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Is there well know formulas (or some articles) from General Relativity how photon (light) is changing (how frequency is changing) while reflecting from the accelerated mirror?

I suspect it should be different from the reflecting from just moving mirror with constant speed because accelerated mirror is Non-inertial reference frame and general relativity is applicable in that case.

UPDATE 1

After some comments, I want to clarify the question. What will happen in the picture below? Let's say I have a harmonically oscillating mirror x(t) = Sin(t) on my desk. The blue line is the mirror, red/orange circle is a photon. I put values of coordinate x, speed v and acceleration a on top of the image.

At the point x=1, v=0 and a=1. It looks strange, how is it possible v=0, but a is not. But it is the same if we throw a stone up. Acceleration is always g, but at the top point, speed is zero. At this point where x=1, v=0, a=1 photon is falling on the mirror.

The question is what will happen with photon frequency from my side (if this oscillating mirror is on my desk)? What will I see?

I change colour from red to orange (blueshift), because I assumed, that acceleration direction is from right to left, that means fictitious force will be in opposite direction, which is equivalent to gravitational force from left to right and photon is reflecting to the source of gravitational force (to the source of the gravity). Or it is not correct? Maybe I will not see any changes and all changes will be visible only for the observer on the mirror?

Also what if the photon hits the mirror when speed is not zero and acceleration is not zero? Will I see only Doppler shift or something different?

Of course, I understand, that in real life with the real oscillating mirror on the desk with any achievable speed any difference in frequency will be undetectable, but I just want to know theoretically with the assumption, that I can detect very very small changes in frequency.

enter image description here

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If we assume the plane of the mirror is perpendicular to the acceleration, the situation is the same as the situation where the mirror is (horizontally) at rest in a gravitational field. When a photon (moving downwards) approaches the mirror its frequency increases. The moment the photon hits the mirror its (vertical) direction is reversed but its frequency doesn't change. After the reflection, the photon's frequency decreases while travelling upwards. These three processes, in which I divided up the total process, each conserve the energy ($(\frac{hc}{\lambda})^2$) of the photon.

See this article for the change in frequency of the light.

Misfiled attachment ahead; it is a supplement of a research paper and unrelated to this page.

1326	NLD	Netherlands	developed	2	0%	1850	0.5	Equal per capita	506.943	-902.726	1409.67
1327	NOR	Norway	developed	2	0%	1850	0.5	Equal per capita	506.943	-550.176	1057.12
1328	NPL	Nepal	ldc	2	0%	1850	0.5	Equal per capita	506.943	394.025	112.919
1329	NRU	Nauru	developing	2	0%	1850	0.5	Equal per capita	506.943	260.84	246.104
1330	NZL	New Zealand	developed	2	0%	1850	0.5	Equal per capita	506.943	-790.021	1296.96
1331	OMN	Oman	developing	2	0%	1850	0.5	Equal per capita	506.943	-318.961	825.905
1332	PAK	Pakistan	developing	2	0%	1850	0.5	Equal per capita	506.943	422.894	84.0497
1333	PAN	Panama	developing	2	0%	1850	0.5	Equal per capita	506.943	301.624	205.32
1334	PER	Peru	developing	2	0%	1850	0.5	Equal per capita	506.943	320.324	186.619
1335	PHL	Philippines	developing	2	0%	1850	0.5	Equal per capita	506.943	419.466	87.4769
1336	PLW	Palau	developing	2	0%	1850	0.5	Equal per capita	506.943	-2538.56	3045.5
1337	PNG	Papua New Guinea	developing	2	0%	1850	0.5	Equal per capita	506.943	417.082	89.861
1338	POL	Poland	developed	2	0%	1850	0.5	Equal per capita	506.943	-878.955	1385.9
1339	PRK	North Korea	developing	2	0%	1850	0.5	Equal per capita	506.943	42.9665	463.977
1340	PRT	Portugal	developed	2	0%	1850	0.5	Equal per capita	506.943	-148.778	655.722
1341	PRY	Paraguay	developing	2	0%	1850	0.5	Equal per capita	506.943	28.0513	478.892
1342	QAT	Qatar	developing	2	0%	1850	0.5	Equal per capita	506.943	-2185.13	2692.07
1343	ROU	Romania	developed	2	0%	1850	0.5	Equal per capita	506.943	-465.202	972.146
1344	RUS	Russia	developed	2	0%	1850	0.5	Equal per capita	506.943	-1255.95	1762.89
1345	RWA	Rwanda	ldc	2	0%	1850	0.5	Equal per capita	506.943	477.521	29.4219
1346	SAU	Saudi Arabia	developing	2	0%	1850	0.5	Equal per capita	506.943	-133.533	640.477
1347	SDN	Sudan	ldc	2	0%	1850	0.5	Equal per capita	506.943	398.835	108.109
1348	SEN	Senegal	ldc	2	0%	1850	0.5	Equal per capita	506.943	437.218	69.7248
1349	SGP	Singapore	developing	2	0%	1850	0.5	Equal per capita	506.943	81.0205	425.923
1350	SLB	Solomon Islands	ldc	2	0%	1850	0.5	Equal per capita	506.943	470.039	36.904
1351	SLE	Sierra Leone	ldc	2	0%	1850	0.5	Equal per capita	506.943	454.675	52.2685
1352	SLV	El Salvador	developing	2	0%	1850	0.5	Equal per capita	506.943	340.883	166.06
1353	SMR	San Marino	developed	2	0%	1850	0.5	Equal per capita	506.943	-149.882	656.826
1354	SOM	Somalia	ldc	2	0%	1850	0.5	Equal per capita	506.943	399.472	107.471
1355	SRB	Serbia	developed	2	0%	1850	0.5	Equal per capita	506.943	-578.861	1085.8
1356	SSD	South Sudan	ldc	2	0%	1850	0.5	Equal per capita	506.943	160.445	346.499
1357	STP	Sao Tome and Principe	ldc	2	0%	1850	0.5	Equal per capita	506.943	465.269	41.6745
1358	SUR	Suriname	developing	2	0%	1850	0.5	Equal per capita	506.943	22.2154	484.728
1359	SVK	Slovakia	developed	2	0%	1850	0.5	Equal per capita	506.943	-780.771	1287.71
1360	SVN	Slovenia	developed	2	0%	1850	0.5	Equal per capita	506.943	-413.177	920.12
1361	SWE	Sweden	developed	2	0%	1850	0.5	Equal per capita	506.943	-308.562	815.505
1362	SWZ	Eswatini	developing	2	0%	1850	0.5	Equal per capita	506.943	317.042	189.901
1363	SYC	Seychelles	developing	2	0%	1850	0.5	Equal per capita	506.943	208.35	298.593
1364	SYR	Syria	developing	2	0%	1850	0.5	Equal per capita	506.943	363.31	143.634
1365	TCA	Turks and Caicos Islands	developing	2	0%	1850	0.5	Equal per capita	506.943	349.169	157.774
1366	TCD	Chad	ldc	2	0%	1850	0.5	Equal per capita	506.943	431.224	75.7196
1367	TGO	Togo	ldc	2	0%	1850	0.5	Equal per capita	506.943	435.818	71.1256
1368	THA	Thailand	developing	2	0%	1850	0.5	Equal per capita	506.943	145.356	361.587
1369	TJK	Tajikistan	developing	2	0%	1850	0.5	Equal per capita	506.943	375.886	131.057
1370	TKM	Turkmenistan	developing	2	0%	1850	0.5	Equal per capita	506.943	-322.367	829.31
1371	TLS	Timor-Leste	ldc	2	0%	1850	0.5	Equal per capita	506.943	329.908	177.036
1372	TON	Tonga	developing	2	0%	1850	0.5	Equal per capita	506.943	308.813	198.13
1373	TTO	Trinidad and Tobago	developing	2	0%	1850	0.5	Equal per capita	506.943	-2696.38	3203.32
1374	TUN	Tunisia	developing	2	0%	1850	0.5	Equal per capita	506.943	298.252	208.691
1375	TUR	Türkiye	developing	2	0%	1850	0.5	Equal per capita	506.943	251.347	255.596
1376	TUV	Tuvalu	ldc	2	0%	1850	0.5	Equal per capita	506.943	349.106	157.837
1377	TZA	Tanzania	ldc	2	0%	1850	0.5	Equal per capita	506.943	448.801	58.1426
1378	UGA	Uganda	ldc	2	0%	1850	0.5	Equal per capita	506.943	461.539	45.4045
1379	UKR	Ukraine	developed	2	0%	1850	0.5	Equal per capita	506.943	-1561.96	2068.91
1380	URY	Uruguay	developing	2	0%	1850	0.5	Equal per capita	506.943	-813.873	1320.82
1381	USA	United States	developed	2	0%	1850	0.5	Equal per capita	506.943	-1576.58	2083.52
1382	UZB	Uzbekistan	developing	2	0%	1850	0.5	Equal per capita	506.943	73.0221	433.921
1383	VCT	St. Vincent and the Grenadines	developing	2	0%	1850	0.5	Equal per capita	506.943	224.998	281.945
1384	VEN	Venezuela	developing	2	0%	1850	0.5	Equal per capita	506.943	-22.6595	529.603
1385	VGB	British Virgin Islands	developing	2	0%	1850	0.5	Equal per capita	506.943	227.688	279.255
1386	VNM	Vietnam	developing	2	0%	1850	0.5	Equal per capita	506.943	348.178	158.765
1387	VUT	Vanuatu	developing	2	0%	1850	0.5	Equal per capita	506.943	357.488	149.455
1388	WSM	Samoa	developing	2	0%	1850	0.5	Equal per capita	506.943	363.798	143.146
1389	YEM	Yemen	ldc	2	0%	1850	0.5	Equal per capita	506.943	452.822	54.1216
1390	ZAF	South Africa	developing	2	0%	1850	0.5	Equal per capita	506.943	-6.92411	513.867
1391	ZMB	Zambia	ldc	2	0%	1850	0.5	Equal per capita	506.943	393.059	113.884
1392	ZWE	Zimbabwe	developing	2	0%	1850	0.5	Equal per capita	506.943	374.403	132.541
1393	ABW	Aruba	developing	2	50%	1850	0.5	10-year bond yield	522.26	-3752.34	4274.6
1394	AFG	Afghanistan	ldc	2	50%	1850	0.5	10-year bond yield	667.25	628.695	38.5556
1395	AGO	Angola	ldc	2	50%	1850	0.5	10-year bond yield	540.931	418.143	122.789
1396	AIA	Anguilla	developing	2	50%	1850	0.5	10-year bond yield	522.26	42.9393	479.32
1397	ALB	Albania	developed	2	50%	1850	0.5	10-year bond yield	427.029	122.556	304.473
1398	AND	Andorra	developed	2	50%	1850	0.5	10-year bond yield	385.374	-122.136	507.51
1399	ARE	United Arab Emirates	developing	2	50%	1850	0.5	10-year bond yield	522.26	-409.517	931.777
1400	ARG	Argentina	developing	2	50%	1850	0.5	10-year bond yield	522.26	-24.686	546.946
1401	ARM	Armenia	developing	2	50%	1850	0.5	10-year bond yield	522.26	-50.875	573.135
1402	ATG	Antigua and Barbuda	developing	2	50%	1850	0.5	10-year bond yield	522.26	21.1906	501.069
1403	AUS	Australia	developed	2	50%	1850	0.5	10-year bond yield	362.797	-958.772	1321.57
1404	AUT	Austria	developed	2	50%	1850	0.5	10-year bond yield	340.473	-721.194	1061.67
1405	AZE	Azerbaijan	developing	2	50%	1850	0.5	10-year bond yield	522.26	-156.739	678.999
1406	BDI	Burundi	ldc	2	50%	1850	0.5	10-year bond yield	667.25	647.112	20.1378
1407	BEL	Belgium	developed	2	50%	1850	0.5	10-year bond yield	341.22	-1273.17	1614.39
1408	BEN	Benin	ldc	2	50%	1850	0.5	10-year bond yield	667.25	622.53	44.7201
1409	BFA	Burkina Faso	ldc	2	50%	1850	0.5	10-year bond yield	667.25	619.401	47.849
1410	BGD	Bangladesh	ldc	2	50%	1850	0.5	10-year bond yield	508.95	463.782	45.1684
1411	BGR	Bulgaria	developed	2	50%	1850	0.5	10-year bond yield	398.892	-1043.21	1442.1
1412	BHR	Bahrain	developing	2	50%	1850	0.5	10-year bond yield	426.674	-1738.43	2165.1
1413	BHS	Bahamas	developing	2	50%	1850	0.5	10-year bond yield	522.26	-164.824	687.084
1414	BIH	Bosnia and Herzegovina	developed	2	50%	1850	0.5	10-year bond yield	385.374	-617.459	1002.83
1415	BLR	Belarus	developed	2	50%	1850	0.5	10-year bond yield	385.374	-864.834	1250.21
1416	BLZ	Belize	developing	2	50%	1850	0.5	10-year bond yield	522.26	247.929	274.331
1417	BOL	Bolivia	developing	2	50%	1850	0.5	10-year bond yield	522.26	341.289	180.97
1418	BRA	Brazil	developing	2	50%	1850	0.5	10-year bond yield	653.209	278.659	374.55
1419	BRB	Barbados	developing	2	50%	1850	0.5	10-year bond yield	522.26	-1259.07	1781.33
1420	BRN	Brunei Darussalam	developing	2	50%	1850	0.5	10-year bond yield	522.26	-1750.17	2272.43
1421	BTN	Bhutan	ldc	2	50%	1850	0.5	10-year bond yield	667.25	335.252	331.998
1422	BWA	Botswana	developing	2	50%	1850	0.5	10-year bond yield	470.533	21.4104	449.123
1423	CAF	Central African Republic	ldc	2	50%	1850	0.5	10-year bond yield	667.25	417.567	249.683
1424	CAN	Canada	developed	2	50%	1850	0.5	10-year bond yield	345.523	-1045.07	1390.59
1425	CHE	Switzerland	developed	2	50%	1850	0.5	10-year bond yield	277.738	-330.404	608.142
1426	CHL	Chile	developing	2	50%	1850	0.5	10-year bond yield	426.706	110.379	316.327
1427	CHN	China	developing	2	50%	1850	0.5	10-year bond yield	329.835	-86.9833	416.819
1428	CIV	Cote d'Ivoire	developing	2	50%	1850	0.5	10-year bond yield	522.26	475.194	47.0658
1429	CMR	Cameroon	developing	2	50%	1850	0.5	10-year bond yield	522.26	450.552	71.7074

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  • $\begingroup$ Comments are not for extended discussion; this conversation has been moved to chat. $\endgroup$ – ACuriousMind Mar 16 '17 at 1:25
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I answer to your question for when the mirror is uniformly accelerating parallel to its normal away from any gravitational field from the viewpoint of the observer in the lab frame of reference. Assume that when the EM wave hits the mirror, the mirror has an instantaneous velocity $v$, receding with a uniform acceleration $a$ from the lab observer. And, assume that the incident wavelength is $\lambda$, and the reflected one is $\lambda^{\prime}$ as measured by the lab observer.

If we behave every single wave as a rod with a length $\lambda$, by the time the right end of the incident wave (the blue rod) hits the mirror, the left end of the reflected wave (the red rod) emerges from the mirror. Moreover, as the left end of the incident wave is absorbed by the mirror, the right end of the reflected wave is anticipated to be detached from the mirror abruptly. [See the attached figure.]

The important point with this illustration is that the time $t_i$ for the incident wave to disappear inside the mirror must exactly be equal to the time $t_r$ for the reflected wave to completely leave the mirror as measured by the lab observer. Considering the fact that the mirror recedes from the left end of the incident wave, and that the mirror also recedes from the left end of the reflected wave, we can write for the incident wave: [See the attached figure.]

$$\lambda+\frac{a}{2}{t_i}^2+vt_i=ct_i\rightarrow \frac{a}{2}{t_i}^2-(c-v)t_i+\lambda=0\rightarrow$$ $$t_i=\frac{c-v\pm \sqrt{(c-v)^2-2a\lambda}}{a} \space.\space\space\space\space (1)$$

For the reflected wave, we have:

$$\lambda^\prime=ct_r+\frac{a}{2}{t_r}^2+vt_r=ct_r+ct_i-\lambda\space.$$

In that $t_i=t_r$, it yeilds:

$$\lambda^\prime=2ct_i-\lambda \space.\space\space\space\space (2)$$

Substituting Eq. (1) into Eq. (2), and choosing the minus sign, we have:

$$\lambda^\prime={\frac{2c}{a}} [\space c-v-\sqrt{(c-v)^2-2a\lambda}\space]-\lambda \space.$$

If the acceleration tends to zero, for a mirror with a constant speed $v$, we obtain:

$$\lim_{a\to 0}\lambda^\prime=\frac{c+v}{c-v}\lambda$$

This result is correct.

Accelerated Mirror

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